Ingebrit Olson. In district 6: John Shureson, 
Oliver Larson and Seve Larson. In district 8: 
J. F. Hill and E. M. Hill. In district 9: Larse 
Larson, Osman Osmanson, Holiver (Halvor) 
Osmanson, Urin Ofinson and Jacob Jacobson. 
In district 10 the record simply mentions: "A 
Norwegian." In district 11: John Hill and Chas. 
Aman. In district 13: Osman Johnson. In dis- 
trict 14: Errick Lawson and Ole Canuteson. In 
district 17: Henry Monson. In district 19: 
Christian Olson. 

At an annual town meeting at the Red School- 
house, April 3, 1866, Nels S. Nelson was elected 
road overseer. In 1867: Lars Larson for district 
1. In 1870: John Fatland, district 3; E. S. Hol- 
land, district 10; Osten Osbjornson, district 11; 
Tor Johnson, district 17. In 1871: Chris Larson, 
district 3; E. S. Holland, district 10; Jacob An-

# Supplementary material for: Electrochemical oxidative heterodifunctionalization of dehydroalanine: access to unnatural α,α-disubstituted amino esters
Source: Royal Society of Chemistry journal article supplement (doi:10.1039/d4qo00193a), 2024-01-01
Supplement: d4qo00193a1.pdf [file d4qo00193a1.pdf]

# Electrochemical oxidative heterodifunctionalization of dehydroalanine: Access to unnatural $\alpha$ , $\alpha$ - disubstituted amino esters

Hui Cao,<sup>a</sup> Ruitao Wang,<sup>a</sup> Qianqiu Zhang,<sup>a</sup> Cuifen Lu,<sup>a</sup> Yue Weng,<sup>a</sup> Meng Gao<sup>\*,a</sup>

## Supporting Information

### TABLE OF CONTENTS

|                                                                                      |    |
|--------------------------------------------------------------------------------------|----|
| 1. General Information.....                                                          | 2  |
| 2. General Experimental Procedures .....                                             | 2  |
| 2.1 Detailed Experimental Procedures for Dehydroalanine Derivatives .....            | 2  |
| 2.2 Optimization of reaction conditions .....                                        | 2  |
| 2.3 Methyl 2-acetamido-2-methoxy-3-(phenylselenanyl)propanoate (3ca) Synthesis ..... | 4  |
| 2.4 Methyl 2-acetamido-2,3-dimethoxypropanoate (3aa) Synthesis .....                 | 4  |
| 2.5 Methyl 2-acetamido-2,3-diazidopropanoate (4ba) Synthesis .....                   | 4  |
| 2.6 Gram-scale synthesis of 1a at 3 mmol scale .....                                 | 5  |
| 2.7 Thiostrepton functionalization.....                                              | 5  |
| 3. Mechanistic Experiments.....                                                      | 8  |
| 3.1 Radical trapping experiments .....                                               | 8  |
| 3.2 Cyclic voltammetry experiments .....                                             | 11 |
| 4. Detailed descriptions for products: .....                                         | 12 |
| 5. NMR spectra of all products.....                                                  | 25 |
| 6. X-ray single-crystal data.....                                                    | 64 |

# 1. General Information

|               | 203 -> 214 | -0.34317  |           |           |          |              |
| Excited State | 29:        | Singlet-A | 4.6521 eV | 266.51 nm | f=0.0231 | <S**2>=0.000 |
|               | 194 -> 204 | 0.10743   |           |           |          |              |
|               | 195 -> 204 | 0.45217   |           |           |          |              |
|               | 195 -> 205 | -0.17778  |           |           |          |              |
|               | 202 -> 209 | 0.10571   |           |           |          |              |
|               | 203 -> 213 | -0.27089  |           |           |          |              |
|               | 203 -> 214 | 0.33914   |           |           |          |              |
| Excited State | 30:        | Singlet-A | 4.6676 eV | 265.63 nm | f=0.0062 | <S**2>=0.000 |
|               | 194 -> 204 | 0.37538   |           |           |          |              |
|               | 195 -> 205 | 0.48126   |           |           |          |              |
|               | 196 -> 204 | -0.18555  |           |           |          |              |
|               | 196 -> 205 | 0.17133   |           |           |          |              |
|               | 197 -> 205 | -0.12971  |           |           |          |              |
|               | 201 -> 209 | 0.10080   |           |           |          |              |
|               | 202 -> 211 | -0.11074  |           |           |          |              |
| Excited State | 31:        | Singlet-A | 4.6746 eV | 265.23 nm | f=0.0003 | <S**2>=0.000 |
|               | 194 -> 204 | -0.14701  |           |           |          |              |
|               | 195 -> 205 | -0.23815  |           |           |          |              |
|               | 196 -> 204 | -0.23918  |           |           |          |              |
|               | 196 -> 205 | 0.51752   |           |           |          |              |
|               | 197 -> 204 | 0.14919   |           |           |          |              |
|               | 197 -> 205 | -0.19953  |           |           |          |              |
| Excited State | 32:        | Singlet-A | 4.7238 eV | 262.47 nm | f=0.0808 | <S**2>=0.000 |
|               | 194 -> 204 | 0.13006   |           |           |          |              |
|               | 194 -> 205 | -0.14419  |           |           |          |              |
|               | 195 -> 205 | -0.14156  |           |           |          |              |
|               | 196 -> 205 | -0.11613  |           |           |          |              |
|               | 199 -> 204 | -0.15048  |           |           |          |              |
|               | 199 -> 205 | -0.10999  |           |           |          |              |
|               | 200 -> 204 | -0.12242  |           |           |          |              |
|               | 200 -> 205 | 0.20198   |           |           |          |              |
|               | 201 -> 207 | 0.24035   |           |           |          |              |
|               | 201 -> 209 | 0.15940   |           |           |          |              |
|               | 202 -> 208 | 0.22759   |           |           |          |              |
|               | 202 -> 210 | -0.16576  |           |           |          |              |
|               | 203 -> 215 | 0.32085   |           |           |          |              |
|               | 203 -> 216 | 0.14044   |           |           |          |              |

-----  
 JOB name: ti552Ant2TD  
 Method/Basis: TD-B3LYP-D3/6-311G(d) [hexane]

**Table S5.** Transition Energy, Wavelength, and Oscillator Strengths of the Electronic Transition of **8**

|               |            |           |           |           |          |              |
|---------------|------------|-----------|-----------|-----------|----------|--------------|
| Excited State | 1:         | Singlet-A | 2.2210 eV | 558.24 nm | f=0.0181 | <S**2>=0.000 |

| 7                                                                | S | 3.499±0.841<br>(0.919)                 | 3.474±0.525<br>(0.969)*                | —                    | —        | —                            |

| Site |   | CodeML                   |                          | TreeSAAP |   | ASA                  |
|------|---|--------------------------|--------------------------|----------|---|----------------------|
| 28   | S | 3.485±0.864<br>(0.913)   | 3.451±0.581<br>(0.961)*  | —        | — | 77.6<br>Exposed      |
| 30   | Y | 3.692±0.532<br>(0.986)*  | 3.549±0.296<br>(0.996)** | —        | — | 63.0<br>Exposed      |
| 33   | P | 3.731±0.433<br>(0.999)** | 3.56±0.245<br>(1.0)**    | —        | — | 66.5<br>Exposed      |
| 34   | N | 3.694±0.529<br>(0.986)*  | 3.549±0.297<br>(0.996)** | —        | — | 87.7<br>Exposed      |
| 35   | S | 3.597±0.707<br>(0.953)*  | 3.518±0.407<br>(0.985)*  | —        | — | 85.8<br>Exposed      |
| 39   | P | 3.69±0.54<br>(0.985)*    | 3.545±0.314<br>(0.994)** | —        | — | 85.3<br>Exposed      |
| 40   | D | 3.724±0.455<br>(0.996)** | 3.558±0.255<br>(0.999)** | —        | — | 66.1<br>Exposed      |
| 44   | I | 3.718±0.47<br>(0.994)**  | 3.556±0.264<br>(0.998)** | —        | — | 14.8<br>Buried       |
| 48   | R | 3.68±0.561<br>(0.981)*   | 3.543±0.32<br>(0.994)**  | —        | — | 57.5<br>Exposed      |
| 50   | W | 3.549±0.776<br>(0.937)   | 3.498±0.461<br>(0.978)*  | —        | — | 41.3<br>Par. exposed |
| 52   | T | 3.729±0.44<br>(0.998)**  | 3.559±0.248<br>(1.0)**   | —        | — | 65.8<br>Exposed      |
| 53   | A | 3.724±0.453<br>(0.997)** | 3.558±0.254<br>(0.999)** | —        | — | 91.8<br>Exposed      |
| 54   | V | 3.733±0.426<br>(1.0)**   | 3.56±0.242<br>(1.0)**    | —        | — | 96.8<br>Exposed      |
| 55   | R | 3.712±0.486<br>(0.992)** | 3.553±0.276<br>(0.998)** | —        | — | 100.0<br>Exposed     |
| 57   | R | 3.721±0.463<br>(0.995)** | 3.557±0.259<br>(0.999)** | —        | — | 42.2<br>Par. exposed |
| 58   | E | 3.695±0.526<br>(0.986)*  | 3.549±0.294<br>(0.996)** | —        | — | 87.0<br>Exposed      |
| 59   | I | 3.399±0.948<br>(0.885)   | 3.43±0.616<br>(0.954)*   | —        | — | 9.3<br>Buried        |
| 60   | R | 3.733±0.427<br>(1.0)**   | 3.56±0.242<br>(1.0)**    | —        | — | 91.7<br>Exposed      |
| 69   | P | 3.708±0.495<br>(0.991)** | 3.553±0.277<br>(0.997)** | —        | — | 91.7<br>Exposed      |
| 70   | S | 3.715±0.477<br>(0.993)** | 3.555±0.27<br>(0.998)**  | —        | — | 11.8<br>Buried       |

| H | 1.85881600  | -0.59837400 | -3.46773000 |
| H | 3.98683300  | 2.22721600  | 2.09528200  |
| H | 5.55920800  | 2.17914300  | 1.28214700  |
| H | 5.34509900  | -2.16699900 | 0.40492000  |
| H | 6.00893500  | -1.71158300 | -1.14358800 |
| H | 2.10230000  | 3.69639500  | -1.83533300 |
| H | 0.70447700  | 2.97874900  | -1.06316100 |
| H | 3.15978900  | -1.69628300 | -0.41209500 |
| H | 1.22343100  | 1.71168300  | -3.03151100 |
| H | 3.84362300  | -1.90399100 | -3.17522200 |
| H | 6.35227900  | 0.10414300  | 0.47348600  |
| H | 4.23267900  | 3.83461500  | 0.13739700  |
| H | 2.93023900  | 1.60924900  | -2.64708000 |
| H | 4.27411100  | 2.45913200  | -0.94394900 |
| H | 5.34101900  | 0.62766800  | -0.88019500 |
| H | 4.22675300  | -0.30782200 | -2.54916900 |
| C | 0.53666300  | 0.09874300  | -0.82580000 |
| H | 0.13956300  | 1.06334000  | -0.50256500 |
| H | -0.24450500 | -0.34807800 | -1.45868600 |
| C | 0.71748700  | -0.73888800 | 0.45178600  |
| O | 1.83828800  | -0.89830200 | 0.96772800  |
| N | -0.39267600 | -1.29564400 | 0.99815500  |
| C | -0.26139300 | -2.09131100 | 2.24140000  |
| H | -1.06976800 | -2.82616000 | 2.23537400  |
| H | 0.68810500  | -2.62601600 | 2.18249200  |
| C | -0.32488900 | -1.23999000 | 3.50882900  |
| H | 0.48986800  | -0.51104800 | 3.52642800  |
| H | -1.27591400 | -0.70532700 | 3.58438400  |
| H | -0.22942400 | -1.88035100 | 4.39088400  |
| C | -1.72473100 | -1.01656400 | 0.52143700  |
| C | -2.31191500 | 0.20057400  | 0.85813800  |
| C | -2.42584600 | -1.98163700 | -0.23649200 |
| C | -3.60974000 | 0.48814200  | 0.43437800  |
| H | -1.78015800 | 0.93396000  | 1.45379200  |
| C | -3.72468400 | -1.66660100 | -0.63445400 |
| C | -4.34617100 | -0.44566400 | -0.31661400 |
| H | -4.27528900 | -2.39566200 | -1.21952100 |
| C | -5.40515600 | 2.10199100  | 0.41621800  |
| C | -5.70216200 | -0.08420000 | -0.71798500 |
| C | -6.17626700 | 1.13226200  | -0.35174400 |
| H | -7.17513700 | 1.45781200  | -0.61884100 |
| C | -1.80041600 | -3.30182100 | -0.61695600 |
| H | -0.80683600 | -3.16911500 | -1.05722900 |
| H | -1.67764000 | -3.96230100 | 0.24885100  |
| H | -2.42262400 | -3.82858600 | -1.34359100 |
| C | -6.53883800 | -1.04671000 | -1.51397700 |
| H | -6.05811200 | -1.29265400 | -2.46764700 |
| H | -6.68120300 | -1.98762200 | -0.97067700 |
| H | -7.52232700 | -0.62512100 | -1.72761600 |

derson, district 11; Ole Johnson, district 15. In 
1872: Chris Larson, district 3; Jacob Anderson, 
district 11; Ole Johnson, district 15. In 1873: 
Chris. Larson, district 3; Jacob Husen, district 
10; H. Halverson, district 11; Lars Likness, dis- 
trict 12; Ole Johnson, district 15; Hans H. Ol- 
son, district 18. In 1874, C. Larson, district 3; 
H. Halverson, district 11; Hans H. Olson, dis- 
trict 18. 

In 1875 Nels S. Nelson was elected collector, 
and in 1876 he was re-elected to the office. 

In 1879 E. S. Holland, assessor; Olaf Larson, 

In 1880 E. S. Holland, assessor; Torris John- 
son, highway commissioner. 

In 18'81, 1882, 1883, 1884 E. S. Holland, asses-